Does Evidence Based Practice Concerning Nurses' Schedules Matter? - page 3

I've been busy lately, as I'm sure many of you have been, as well. I'm also finishing up an online leadership class, and my focus area is staffing/scheduling. I've been interested in this area since... Read More

  1. by   NuGuyNurse2b
    I timed myself on charting one night. our system is all clicks and options with some free hand for when none of the options fit the charting. It takes me 15-20 mins to do complete charting (Assessment, I/O's, CP's, misc notes) from start to end, uninterrupted. So let's go with the 15 mins. If I have 6 pts, that is 90 mins of just pure charting, not doing anything else. 1.5 hrs of just sitting at the computer. So assuming the usual 8 hrs with everything going on, it is already at least 9.5hrs if I get uninterrupted time to chart.
  2. by   kbrn2002
    Quote from NuGuyNurse2b
    I timed myself on charting one night. our system is all clicks and options with some free hand for when none of the options fit the charting. It takes me 15-20 mins to do complete charting (Assessment, I/O's, CP's, misc notes) from start to end, uninterrupted. So let's go with the 15 mins. If I have 6 pts, that is 90 mins of just pure charting, not doing anything else. 1.5 hrs of just sitting at the computer. So assuming the usual 8 hrs with everything going on, it is already at least 9.5hrs if I get uninterrupted time to chart.
    Good idea, I've never timed myself on required charting but I do know it takes a ridiculous amount of my time clicking off orders that have no business being orders. What happened to charting by exception? Now I have to chart for every single one of my residents every shift that there were no side effects and therefore no interventions for the antidepressant that they've been on for years with no side effect yet. Duplicate that same order for any other psychotropic that the resident takes and for some of my residents I am essentially charting on the same order 3 or more times. Crazy waste of time, and that's only one of the multiple silly orders we have to chart on every shift. What person decided that we need to chart every shift that a person on O2 uses a concentrator in their room and portable O2 out of it? Isn't that pretty much common sense? Sadly I could continue with even more of these time wasters.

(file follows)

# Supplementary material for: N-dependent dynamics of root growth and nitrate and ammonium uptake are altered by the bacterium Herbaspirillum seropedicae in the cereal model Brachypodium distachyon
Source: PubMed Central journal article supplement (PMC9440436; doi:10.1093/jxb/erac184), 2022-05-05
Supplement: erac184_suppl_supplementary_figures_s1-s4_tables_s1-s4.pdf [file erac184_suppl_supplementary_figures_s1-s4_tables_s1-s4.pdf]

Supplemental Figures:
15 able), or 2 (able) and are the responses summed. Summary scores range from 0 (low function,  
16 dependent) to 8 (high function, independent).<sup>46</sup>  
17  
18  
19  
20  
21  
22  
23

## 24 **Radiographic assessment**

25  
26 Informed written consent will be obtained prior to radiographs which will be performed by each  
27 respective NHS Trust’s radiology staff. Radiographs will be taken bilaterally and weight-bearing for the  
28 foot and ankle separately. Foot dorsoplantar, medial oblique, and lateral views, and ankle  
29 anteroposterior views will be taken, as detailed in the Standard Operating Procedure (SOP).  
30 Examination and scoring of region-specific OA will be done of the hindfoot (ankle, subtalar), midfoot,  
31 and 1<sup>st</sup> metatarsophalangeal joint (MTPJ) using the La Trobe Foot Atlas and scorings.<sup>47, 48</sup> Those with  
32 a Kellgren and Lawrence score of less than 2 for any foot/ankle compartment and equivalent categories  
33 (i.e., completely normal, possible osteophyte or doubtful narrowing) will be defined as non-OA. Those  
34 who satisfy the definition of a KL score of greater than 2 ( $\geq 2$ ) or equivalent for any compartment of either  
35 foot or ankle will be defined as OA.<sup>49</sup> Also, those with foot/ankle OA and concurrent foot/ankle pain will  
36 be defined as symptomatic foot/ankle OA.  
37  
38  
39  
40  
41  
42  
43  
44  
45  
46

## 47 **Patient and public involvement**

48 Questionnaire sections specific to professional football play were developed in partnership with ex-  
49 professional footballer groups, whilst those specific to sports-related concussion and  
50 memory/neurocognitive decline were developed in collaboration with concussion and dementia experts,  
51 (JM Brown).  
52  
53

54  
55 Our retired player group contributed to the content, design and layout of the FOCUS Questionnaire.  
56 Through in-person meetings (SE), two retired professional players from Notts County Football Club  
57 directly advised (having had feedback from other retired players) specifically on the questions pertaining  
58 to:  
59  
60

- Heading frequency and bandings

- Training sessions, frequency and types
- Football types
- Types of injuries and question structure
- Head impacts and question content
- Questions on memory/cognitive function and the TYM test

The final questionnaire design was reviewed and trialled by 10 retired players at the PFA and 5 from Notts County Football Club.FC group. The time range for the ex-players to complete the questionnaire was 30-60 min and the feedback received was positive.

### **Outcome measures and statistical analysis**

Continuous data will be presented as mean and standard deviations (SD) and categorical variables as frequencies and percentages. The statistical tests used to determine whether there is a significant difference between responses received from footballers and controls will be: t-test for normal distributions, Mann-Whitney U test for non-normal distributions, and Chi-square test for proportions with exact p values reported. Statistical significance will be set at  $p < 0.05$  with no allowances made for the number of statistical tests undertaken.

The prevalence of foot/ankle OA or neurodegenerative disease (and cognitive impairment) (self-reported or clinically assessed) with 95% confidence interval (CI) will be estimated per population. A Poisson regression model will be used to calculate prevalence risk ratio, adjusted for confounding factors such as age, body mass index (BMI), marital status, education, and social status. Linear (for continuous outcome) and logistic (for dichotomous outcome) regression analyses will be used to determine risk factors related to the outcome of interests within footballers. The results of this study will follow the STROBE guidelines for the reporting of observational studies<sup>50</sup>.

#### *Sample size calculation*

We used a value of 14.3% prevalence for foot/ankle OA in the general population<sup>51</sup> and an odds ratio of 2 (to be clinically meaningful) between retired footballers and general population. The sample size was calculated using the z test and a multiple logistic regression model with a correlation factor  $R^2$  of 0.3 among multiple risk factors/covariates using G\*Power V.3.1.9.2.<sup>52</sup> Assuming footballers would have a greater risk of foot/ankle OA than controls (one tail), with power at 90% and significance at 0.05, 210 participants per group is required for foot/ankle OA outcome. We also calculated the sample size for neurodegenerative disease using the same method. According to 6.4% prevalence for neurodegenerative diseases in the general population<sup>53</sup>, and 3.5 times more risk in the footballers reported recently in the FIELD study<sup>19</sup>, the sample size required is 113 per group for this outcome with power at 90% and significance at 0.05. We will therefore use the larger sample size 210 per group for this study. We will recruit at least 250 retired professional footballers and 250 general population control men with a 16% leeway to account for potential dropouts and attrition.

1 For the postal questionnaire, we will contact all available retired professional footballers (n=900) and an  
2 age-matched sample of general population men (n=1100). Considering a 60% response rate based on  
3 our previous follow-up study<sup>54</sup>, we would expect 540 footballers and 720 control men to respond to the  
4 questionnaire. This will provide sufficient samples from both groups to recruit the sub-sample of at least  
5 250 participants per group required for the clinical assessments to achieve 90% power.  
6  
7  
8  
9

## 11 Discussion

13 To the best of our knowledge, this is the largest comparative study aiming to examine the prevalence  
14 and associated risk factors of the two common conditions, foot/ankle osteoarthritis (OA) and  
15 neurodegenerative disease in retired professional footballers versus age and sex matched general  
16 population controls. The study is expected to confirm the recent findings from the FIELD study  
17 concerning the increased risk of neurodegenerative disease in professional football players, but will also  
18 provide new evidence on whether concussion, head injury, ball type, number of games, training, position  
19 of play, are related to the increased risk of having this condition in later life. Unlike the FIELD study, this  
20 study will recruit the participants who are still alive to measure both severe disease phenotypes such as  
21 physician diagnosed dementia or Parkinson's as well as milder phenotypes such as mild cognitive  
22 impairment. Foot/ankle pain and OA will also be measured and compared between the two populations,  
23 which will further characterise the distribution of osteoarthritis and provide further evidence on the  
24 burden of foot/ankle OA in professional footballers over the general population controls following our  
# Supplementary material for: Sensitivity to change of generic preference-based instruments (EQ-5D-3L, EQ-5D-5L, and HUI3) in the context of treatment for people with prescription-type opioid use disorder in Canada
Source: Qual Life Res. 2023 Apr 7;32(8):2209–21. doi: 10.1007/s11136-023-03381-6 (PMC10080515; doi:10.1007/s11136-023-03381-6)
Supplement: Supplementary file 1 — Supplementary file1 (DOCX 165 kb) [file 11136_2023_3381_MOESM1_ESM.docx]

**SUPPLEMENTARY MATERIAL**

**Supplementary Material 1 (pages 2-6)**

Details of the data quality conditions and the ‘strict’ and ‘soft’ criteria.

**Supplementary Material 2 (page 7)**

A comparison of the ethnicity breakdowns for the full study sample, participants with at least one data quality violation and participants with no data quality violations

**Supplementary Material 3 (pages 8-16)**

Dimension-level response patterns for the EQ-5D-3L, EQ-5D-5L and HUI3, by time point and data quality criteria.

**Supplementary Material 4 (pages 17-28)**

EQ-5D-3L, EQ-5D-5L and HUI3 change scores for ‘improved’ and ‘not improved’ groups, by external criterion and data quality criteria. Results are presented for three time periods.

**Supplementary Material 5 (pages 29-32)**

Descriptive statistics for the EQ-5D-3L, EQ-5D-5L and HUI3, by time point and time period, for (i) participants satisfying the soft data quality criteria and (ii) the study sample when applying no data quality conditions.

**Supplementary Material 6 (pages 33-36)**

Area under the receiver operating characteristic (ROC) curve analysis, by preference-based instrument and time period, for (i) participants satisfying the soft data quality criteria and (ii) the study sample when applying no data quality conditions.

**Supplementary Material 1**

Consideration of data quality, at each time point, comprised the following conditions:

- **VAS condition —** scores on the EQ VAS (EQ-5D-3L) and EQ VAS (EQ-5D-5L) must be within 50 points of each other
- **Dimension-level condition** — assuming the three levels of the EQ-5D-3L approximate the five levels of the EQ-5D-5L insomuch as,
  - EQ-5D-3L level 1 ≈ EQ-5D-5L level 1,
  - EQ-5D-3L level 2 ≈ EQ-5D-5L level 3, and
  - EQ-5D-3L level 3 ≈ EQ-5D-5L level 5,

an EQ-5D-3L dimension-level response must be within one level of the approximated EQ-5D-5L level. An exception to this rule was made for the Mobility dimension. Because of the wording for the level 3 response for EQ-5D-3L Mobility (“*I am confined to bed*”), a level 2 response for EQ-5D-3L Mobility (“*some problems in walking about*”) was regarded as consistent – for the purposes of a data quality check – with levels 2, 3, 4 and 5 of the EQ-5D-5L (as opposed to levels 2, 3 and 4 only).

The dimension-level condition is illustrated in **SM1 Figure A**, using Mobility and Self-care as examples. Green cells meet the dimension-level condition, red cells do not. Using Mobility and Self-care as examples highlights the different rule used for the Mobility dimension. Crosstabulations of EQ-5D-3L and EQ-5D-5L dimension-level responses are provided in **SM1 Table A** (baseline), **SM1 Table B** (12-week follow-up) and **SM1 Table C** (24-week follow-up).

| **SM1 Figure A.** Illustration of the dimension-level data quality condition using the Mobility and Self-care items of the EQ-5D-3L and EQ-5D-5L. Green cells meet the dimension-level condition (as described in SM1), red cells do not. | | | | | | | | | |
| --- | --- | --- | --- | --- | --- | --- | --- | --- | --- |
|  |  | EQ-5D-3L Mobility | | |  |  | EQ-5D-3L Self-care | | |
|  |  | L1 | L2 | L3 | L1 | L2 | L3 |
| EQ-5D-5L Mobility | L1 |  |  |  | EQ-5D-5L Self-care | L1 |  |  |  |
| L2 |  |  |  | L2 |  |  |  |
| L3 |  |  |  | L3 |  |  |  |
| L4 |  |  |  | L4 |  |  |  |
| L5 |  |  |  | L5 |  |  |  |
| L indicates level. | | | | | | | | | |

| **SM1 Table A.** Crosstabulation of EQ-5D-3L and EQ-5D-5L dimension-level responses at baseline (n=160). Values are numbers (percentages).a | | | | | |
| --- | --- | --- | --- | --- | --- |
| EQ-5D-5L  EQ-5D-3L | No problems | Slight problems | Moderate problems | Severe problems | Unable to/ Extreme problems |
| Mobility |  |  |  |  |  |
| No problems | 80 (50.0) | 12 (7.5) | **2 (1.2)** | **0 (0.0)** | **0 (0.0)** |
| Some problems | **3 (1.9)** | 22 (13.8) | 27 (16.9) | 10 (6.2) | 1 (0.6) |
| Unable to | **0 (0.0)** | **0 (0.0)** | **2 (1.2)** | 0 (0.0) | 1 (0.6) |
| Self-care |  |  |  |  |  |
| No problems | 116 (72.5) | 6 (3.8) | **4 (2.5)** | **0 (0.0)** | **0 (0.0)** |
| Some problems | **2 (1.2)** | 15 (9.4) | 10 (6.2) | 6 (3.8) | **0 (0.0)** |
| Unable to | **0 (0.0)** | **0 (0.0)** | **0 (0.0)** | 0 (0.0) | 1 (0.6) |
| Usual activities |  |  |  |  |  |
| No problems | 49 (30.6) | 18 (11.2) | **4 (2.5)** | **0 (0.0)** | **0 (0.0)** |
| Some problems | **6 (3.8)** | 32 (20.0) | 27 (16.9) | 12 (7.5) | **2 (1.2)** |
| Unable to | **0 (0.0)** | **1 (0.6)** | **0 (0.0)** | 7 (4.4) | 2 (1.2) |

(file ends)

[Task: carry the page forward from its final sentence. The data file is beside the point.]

3. by   Roz, RN
    When an opening on the 7p shift came available, I agreed to take it provided I work the schedule as it was: Monday, Tuesday, Wednesday night. I got the agreement in writing. There is no way I could work nights unless I could work my shifts consecutively. I think most night shifters would agree. To have a work one, off one, work one night schedule promotes exhaustion which increases errors. Scheduling "mandatory" staff meetings or continuing ed classes at times inconvenient to night shifters is another issue we deal with. There is no way that I will finish my shift at 7:30am, come back in at 6:30pm, and attend a 2pm staff meeting! Just send me an email!
  4. by   wyosamRN
    I'd almost certainly leave the bedside without 12hr shifts. I dont think there is any one size fits all answer to scheduling, and I think it is up to individual nurses to maintain safe care. Many people say stacking 6 12hr shifts is dangerous, and I would never work that many DAY shifts in a row. However, 6 on 8 off is a schedule that works very well for many night shift nurses, including myself. Switching my schedule from days to nights half as often has proven to be much easier on my body, and the second half of my stretch is far easier than the first half- by day 3, I've fully switched, and am sleeping during the day without ambien, and feel wide awake all night. I actually find the switch back to days to be pretty easy, but that switch to nights takes a couple days, and it seems stupid to go through the hard part every week, instead of half as often.
  5. by   FolksBtrippin
    I love my 12s.

    Please don't go on and on about evidence without citing a single study.

    It's embarrassing.

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